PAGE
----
After stumps at Day III of the Ahmedabad Test match, a TV correspondent makes the worst possible mockery of the game of cricket, courtesy his blissful ignorance.
(Bored by all-Obama bites and visuals on TV, I chose to go for some cricket analysis)
Anchor in the studio: What do you make of today’s play?
Reporter: The century by Rose Taylor (Jessy Rider was the lone centurion) has put NZ back on track. (So far, not so bad. Maybe, just a slip of tongue)
Anchor: You’ve covered many matches at Motera (Expectations heightened!). What should be the strategy of MSD tomorrow, on Day IV?
Reporter: See, the match is headed for a draw. (It wasn’t by any means then). If Indians manage to take a couple of wickets by lunch and a couple more at stumps (taking total wickets to fall to 9. Why leave one?), India can get crawl back in the match.
(He preserves one wicket for the last day !!! and expects the remaining two innings to finish in less than a day’s play)
The anchor senses that his colleague was not making much sense and chips in: Dhoni must try and bowl NZ out before lunch and, by way of a possible blitzkrieg from Sehwag, India can set a target for NZ.
The reporter, bent on putting his nonsensical theory across, insisted: If India take two wickets by lunch and another two at stumps, Day V can well turn India’s way. Otherwise the match is poised for a tame draw.
(Why two wickets a session??? After the NZ skipper, there was not much batting to follow. And why leave one wicket for Day V?)
The anchor changes the subject: The NZ spinners took the last seven wickets. Why do you think our spinners failed to use the track to their advantage?
The reporter makes several retired players and those who did not bowl at all “roll their arms over” without much success. (He was not even aware of who all are playing – keeps looking at sheet of paper he’s holding while presenting his idiotic ideas)
He again gets back to his “incredible” theory of India trying to take wickets of four tailenders in the three sessions of play, with the same élan, leaving the last one for the final day!
The anchor, while politely dismissing the idea, concludes the chat by putting a theory across (and rightly so) that India must bowl out NZ quickly and score briskly to set a target and make a match out of what may be heading for a draw.
And he sheepishly thanks the reporter.
Sunday, November 7, 2010
Wednesday, November 3, 2010
Recent mention of Anjali on FB brought back old memories.
I still remember Sir's announcing in the class that Swabhiman, an NGO, was going to organise a children’s festival (for special ones), Anjali, in Bhubaneswar. He wanted some of us to go there and cover the event. This has been a tradition at IIMC. Every year two groups of students — English and Oriya — go to Bhubaneswar and take out camp bulletins on a daily basis for about a week.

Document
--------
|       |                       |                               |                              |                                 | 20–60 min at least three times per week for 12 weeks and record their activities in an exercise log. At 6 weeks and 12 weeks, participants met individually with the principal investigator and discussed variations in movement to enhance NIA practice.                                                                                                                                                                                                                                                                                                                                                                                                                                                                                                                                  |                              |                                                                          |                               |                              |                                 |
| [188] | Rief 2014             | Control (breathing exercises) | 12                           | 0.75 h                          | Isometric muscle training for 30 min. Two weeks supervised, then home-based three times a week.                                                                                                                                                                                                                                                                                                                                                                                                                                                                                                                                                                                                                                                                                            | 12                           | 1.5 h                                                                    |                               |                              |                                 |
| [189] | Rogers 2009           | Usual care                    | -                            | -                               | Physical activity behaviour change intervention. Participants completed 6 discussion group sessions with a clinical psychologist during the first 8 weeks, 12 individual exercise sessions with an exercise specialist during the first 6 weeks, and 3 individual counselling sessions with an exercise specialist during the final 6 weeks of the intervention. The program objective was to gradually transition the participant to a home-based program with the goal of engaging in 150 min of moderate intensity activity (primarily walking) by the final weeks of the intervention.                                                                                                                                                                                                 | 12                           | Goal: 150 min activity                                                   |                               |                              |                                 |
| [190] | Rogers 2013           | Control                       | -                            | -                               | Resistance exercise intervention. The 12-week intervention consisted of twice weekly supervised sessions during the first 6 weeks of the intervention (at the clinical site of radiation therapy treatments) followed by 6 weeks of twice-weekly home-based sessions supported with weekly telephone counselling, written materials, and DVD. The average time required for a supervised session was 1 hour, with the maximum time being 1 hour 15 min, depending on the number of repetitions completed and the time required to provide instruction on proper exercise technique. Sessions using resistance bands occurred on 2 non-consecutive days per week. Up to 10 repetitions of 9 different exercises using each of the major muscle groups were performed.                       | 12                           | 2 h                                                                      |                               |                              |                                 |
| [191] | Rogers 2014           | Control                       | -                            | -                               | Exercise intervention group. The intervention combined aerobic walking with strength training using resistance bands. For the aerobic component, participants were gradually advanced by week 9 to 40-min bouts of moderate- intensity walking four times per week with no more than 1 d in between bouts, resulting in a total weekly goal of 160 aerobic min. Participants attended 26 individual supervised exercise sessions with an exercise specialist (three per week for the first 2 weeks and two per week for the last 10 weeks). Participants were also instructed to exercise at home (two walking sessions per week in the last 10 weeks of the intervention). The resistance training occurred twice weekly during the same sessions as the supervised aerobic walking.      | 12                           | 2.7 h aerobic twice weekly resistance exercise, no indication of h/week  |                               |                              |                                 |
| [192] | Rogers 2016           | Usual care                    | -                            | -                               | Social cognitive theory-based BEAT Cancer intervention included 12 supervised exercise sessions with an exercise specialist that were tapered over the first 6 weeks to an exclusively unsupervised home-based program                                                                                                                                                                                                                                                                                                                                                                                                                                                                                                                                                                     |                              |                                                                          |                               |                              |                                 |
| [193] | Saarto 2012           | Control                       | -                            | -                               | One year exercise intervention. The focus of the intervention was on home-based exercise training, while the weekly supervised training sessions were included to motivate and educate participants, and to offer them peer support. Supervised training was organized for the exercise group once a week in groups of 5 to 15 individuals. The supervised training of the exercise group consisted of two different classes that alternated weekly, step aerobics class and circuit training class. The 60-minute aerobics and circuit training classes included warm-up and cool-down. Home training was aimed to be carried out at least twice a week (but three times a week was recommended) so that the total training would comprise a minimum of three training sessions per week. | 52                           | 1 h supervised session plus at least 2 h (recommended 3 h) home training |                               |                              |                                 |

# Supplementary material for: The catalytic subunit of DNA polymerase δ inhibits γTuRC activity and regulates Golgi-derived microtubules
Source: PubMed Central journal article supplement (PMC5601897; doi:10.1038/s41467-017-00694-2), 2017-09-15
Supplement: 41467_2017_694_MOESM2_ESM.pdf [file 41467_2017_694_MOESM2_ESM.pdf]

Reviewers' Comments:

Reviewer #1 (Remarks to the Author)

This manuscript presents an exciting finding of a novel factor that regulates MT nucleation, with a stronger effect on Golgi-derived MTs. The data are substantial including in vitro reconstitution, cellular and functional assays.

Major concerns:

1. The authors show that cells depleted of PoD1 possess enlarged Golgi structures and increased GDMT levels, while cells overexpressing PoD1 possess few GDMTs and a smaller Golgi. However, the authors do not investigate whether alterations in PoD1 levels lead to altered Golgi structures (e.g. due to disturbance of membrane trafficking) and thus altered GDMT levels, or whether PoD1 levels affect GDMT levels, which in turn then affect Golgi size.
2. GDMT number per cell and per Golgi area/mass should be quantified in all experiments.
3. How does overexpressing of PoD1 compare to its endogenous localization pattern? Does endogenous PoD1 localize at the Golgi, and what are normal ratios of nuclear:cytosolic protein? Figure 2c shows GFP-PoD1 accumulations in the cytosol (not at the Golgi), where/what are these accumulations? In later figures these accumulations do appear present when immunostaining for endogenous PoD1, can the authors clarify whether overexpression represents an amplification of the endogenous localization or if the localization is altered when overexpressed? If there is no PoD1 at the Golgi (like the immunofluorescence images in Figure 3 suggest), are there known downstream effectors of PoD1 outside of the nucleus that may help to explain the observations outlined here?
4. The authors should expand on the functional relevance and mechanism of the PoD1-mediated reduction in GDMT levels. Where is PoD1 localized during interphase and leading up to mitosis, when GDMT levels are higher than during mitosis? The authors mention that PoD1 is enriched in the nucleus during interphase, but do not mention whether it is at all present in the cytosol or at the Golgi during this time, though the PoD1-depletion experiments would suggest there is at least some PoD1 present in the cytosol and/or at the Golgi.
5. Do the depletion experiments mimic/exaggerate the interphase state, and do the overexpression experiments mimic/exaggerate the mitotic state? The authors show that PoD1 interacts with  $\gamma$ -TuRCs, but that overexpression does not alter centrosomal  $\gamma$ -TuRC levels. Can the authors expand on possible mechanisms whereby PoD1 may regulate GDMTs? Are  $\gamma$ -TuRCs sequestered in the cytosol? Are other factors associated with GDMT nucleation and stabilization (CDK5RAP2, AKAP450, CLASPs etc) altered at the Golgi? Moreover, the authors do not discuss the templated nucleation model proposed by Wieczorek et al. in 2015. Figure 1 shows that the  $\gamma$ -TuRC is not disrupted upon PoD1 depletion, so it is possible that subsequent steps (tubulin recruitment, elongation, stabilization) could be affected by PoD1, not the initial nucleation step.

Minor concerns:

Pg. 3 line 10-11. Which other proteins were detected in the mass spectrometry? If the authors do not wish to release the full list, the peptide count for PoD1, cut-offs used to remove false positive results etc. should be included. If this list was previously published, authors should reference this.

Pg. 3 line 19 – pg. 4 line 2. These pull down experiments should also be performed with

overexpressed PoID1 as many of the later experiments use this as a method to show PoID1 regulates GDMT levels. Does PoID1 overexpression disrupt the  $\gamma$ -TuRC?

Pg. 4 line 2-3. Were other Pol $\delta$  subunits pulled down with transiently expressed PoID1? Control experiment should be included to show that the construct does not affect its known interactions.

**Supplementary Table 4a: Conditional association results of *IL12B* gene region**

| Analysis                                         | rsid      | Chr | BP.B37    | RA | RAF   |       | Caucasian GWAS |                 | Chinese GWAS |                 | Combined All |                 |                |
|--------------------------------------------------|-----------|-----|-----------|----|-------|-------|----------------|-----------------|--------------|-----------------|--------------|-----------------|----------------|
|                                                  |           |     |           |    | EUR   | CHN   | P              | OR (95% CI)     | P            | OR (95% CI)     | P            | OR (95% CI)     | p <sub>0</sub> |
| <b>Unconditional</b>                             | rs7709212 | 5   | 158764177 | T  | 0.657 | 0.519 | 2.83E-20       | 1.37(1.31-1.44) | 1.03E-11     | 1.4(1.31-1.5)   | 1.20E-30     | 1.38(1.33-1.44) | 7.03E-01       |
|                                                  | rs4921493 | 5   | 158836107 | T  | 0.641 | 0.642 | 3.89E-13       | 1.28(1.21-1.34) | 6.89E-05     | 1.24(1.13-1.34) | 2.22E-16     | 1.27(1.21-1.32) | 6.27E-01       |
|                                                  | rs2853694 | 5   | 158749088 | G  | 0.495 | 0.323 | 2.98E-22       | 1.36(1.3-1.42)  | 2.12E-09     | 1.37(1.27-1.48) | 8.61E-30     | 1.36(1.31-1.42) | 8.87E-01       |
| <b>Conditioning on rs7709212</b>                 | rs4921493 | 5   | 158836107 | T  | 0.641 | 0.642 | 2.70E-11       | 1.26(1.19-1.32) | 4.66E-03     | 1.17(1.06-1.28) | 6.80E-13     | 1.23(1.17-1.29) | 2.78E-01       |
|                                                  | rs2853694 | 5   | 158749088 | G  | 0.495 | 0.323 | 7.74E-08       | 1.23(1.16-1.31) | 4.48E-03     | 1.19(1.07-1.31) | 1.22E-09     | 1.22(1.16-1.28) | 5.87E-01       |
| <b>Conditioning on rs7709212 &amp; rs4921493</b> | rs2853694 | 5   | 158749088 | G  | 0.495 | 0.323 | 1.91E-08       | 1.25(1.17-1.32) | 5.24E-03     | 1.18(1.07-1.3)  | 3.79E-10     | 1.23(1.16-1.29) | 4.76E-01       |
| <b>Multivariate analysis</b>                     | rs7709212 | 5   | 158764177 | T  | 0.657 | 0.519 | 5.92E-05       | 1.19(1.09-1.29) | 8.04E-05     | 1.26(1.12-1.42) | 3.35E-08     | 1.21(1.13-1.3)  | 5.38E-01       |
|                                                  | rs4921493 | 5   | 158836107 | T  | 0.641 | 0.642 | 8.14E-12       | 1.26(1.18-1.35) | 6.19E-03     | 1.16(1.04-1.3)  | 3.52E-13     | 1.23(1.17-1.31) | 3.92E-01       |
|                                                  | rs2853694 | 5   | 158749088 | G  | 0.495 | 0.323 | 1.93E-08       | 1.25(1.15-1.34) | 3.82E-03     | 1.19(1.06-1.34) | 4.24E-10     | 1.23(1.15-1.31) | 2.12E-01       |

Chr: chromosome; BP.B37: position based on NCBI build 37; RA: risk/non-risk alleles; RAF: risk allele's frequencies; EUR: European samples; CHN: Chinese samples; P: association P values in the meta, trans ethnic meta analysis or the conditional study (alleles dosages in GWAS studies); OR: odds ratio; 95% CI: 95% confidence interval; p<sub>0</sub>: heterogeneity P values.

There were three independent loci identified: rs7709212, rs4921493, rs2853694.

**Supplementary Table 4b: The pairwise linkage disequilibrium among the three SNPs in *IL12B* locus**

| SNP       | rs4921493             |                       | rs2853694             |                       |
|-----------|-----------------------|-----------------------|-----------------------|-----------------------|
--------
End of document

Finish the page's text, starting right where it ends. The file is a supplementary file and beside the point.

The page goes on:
Sir chose me, Dipshikha Chauhan, Dipshikha Bhattacharya, Amrita, Puru, Shishir, Sudip and Himani and a few other Oriya journalism students.
Most IIMCians came out to see us off. We were all very excited. We reached BBSR in the evening, had dinner in a restaurant, the girls had a lot of fun with the timid waiter. We finally got to the place where we were to stay for close to a week.
It was a huge festival with participants from all over the country. There were separate halls for girls and boys — but we stayed together, almost. We were to talk, have fun and enjoy every bit of the life that we had got outside the campus. While some made the most of it by interacting with people from abroad, others looked to eat whatever came their way. Some actually tried to understand children with special needs.
I effectively headed the team and studied the camp bulletins of previous years. From tomorrow, we had to do the same job, but in a better way. Sir, while briefing us about the task before we left the campus, had termed the performances of previous batches very good.
But going by the print-outs, I straightaway knew we could do a better job of it. My experience was to come in handy. I could get better stories, give more attractive headlines and make neater pages. I discussed this with other team members. We took the task seriously. We were raring to go.
I didn’t go looking for stories. I gave ideas and assigned stories to other people. Short of ideas, I roamed around at the venue. I revised copies and gave headlines. Each member did his/her job. As not many people were familiar with QuarkXpress, I did the bulk of page-making with assistance from Amrita. We had a small makeshift office to ourselves.
There was a slight distance between the place where we put up and the festival venue. We used the organisation’s bus to shuttle, and while doing so we always thought of stories and planed pages. It may sound stupid, but the camp bulletin was quite a task.
We would take some time off and go around the camp. We would also go to a nearby restaurant and have good food. We had loads of ice-cream and coffee throughout the camp. We had the maximum fun while getting back from work at night.
We brought out camp bulletins with smarter stories and better design. It was also acknowledged by the CEO of the NGO, Shruti Mohpatra. She called us and said, “I’m proud of you boys. You have all done a great job.”
At the last day of the camp, Sir and our other friends joined us to take us back. It was like a reunion. We met after more than a week. People cried, screamed, hugged and kissed. A photo session ensued. Sir looked happy with our performance. I went up to him and touched his feet. He said, “Good job done.”
I convinced Sir that we, the reporters, could not leave that night with him and other batchmates as the concluding ceremony of the festival had still to be covered. So, we stayed back, worked hard and once the job was over, had a lot of fun. We ate, sang and danced. We proved ourselves.
We were to return with a lot of positives.